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“Child’s Play”: Second Department Upholds Defendants’ SJ in After School Accident (NY)

June 1, 2017

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There is an old adage that, “hard cases make bad law.”  But, the reverse is also true, bad law makes hard cases.  On occasion the Court is swayed, or at least influenced, by tertiary, extra-legal considerations.  One of the more prevalent considerations is undue sympathy towards a child claimant.  Whereas the law recognizes certain legal distinctions in regards to a child’s course of conduct and prosecution of a lawsuit, the sympathy-factor of an infant plaintiff can color the determination of fact.
In <em><a href="">Grigorian v. City of NY</a></em>, NY Slip Op 04102, the Second Department affirmed the lower court’s granting of summary judgment in favor of defendants despite injuries sustained by an infant plaintiff.
The infant plaintiff Robert Grigorian slipped and fell off a snow mound.  On the day of the accident, the infant plaintiff was released from school at 3:00 P.M., and went home.  He returned to the school at 5:00 p.m. to pick up his younger sister from an after-school program.  The two began to walk home and has they were walking, they passed a snow mound, located between the infant plaintiff’s school and sister’s school on a street that was closed to traffic and used as a parking lot for teacher.  The sister climbed up the snow mound and the infant plaintiff climbed up the mound to retrieve her.  He slipped and fell in so doing, injuring himself.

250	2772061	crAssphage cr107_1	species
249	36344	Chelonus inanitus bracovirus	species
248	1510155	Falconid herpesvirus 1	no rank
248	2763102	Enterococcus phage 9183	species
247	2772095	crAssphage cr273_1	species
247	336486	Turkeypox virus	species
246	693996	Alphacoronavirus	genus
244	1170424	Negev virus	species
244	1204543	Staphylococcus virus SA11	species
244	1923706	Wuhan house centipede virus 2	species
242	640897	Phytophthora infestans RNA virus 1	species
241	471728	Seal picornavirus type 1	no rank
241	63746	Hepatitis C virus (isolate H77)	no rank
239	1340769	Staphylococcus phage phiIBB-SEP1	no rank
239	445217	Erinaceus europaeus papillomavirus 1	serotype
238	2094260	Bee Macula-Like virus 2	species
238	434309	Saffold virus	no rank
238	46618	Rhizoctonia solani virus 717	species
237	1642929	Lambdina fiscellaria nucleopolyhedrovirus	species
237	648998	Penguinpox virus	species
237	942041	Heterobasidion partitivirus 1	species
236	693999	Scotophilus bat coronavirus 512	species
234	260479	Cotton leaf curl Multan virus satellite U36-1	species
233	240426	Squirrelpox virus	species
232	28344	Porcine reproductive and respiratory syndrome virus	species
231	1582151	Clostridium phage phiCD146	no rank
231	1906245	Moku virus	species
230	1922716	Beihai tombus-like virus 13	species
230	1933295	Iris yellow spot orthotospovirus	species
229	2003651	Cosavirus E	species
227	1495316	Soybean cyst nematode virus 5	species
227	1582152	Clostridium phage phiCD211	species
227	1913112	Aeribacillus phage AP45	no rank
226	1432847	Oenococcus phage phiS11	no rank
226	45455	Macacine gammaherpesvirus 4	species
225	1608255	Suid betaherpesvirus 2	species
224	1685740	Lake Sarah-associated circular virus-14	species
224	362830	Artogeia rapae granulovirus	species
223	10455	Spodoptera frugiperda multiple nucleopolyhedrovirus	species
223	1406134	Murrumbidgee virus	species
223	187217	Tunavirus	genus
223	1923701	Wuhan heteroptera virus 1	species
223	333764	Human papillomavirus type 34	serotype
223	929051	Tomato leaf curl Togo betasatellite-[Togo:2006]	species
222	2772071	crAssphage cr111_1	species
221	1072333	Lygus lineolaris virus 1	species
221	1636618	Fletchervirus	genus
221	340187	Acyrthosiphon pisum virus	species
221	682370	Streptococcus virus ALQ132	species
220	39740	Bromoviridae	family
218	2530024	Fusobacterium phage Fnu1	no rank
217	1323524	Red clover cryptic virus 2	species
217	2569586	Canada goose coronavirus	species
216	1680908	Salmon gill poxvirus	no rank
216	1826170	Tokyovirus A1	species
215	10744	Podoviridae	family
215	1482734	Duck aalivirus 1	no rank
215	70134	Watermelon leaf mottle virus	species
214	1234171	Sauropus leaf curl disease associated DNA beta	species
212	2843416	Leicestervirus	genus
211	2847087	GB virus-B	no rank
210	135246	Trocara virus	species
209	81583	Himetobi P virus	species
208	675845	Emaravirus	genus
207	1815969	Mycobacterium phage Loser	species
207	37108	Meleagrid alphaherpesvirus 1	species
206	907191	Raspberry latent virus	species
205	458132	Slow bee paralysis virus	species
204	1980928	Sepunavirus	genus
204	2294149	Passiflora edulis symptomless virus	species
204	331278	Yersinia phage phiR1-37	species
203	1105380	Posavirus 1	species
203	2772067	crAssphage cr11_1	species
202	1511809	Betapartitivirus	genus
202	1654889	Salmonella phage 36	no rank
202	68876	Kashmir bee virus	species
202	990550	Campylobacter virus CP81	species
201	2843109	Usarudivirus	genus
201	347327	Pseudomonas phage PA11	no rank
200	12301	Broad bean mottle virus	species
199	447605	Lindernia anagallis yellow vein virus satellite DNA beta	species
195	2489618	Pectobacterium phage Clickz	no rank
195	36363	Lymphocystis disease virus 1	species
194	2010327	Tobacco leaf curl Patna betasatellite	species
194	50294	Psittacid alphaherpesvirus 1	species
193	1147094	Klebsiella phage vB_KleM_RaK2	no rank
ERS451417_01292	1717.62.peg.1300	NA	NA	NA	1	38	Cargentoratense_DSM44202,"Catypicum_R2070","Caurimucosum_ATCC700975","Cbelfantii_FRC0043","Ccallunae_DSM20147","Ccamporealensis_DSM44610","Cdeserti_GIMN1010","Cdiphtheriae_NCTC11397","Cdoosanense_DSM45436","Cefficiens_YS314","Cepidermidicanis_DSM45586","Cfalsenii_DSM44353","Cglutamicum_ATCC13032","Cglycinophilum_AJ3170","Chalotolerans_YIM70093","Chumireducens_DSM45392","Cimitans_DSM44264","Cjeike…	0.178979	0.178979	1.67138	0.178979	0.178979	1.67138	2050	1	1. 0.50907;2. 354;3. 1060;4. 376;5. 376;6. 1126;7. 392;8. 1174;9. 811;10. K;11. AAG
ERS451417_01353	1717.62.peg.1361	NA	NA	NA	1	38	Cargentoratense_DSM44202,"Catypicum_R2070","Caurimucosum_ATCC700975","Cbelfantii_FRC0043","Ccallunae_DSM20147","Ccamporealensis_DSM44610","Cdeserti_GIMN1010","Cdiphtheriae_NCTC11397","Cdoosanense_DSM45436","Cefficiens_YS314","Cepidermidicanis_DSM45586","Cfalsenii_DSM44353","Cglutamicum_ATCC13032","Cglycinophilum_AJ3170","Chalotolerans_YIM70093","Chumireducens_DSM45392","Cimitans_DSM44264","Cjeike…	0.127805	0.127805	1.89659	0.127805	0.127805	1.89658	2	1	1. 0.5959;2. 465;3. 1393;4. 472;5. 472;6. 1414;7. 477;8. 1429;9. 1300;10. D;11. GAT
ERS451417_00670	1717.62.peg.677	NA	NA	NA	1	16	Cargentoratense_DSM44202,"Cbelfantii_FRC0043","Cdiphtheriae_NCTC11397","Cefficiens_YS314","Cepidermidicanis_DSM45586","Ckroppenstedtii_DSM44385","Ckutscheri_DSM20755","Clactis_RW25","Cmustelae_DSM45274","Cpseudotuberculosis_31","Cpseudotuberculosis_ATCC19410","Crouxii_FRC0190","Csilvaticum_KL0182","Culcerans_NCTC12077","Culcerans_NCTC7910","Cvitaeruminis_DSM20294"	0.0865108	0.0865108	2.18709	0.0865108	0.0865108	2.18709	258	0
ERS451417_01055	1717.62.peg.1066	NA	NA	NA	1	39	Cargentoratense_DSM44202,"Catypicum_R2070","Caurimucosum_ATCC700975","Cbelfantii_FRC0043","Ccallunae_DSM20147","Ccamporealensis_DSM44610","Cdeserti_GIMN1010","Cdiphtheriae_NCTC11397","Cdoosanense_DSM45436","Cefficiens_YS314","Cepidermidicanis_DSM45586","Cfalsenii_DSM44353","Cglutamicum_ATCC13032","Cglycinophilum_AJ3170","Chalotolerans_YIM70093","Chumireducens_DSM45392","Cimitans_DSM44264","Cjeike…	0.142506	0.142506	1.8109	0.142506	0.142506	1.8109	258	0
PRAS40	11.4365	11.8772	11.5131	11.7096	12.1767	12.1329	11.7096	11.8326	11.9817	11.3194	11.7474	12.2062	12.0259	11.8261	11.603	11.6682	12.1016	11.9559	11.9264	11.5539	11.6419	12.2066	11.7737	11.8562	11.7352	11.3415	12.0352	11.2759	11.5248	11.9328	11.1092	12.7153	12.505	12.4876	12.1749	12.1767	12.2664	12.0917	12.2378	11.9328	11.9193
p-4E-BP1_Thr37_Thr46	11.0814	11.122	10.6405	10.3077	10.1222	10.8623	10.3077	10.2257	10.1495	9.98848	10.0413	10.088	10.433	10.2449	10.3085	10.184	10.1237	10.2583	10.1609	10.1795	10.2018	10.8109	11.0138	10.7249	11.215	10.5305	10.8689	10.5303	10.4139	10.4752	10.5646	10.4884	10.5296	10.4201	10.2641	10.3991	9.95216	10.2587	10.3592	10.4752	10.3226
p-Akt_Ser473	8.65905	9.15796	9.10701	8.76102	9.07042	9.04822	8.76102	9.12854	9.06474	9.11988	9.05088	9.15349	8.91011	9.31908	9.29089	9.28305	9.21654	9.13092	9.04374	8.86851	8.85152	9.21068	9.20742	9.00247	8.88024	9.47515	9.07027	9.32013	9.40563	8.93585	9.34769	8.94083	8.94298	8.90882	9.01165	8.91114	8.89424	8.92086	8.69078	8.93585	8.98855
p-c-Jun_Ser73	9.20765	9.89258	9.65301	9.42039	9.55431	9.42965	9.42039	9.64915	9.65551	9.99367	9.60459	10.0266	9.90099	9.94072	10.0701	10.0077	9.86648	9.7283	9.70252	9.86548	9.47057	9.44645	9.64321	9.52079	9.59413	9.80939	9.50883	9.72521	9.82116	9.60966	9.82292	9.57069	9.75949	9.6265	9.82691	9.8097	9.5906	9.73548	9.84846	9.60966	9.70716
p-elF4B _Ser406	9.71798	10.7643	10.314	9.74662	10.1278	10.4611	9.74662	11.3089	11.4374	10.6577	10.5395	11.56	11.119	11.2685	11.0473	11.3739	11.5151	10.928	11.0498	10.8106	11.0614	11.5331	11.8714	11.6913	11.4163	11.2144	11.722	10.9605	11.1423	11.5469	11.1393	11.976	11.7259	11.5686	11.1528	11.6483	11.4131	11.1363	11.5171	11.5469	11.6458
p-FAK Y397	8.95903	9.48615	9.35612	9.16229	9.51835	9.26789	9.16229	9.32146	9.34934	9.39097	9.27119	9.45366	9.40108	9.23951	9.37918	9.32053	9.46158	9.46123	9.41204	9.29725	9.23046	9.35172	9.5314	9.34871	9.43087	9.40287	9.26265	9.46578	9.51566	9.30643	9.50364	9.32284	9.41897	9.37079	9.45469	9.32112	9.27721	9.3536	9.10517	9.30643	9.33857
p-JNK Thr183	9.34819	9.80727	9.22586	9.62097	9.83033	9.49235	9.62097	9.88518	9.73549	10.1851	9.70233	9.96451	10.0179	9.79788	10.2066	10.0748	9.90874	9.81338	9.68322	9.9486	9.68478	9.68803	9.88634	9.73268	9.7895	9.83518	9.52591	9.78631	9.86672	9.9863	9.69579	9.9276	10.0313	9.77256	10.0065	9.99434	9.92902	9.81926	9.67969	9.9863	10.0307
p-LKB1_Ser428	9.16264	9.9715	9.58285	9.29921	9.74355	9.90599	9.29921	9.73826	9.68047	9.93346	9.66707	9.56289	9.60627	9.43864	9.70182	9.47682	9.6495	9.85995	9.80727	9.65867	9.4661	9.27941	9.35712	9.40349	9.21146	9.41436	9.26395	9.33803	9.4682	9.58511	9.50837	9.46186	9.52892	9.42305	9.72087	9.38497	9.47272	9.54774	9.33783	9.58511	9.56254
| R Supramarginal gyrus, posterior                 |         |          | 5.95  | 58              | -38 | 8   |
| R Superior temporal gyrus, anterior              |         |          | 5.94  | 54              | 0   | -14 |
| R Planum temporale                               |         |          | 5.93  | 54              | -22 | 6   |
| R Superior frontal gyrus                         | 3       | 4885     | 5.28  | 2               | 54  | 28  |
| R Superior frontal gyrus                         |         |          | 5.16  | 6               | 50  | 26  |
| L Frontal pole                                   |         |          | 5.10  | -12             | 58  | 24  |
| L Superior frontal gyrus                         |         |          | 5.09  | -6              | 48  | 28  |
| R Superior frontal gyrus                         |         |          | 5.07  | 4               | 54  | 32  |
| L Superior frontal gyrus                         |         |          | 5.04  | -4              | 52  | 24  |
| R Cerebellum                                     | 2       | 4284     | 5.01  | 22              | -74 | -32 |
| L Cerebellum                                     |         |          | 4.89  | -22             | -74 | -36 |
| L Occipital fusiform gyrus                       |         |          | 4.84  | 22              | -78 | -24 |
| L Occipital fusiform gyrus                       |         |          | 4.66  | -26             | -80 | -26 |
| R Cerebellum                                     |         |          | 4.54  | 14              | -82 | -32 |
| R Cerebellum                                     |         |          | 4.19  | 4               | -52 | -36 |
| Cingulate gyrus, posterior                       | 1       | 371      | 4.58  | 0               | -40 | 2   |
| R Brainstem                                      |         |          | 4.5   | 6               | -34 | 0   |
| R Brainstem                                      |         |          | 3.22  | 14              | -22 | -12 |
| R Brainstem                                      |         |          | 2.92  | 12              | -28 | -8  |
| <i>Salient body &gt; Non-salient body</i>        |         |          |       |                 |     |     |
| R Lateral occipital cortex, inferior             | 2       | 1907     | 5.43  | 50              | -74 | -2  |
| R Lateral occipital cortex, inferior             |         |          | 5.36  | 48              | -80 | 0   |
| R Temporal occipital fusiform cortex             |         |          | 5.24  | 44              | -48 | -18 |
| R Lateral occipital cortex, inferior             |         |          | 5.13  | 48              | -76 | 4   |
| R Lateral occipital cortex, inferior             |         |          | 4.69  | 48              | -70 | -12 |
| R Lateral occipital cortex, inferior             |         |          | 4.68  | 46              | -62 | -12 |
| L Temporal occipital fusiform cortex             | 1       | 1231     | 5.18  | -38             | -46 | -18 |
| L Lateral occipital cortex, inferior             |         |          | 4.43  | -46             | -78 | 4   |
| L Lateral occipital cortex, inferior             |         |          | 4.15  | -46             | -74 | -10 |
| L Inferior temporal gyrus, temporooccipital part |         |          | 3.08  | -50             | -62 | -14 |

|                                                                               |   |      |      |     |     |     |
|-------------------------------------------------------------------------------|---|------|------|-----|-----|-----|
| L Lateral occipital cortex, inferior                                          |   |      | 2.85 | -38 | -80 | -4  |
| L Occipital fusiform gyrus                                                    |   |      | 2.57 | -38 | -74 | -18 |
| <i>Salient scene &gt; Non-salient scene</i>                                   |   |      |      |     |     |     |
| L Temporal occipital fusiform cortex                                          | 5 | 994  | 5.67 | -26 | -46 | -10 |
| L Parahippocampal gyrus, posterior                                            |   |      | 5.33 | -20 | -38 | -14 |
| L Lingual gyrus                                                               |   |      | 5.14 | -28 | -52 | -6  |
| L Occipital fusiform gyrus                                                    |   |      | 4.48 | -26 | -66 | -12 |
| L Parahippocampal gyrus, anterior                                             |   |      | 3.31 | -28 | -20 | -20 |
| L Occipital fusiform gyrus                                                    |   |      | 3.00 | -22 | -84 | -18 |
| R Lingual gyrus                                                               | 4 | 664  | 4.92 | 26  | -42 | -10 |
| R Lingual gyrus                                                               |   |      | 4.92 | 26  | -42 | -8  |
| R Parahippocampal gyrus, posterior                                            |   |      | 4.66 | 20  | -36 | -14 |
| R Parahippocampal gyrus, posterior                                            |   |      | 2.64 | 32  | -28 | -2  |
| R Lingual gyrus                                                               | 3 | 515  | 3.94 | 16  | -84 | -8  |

The Appellate Division held that the City defendants established their entitlement to summary judgment, because the infant plaintiff and his sister passed out of the "orbit of the authority" of their respective schools at the time of the incident and the schools no longer had control over them.   Further, the area where the incident occurred was maintained in a reasonably safe condition and the snow mound did not constitute a dangerous condition.
In the case, the Court was able to separate liability and sympathy in its analysis as to issues of fact and theories of liability.  Plaintiff attorneys will often attempt to use the fact that the plaintiff is a child as leverage in negotiations, confounding liability and potential damages.  There are times, when such extra-legal considerations should be factored into the defense of the matter -- making SJ motion practice critical.  Thanks to Justin Pomerantz for his contribution to this post.  Please email <a href="">Brian Gibbons</a> with any questions.


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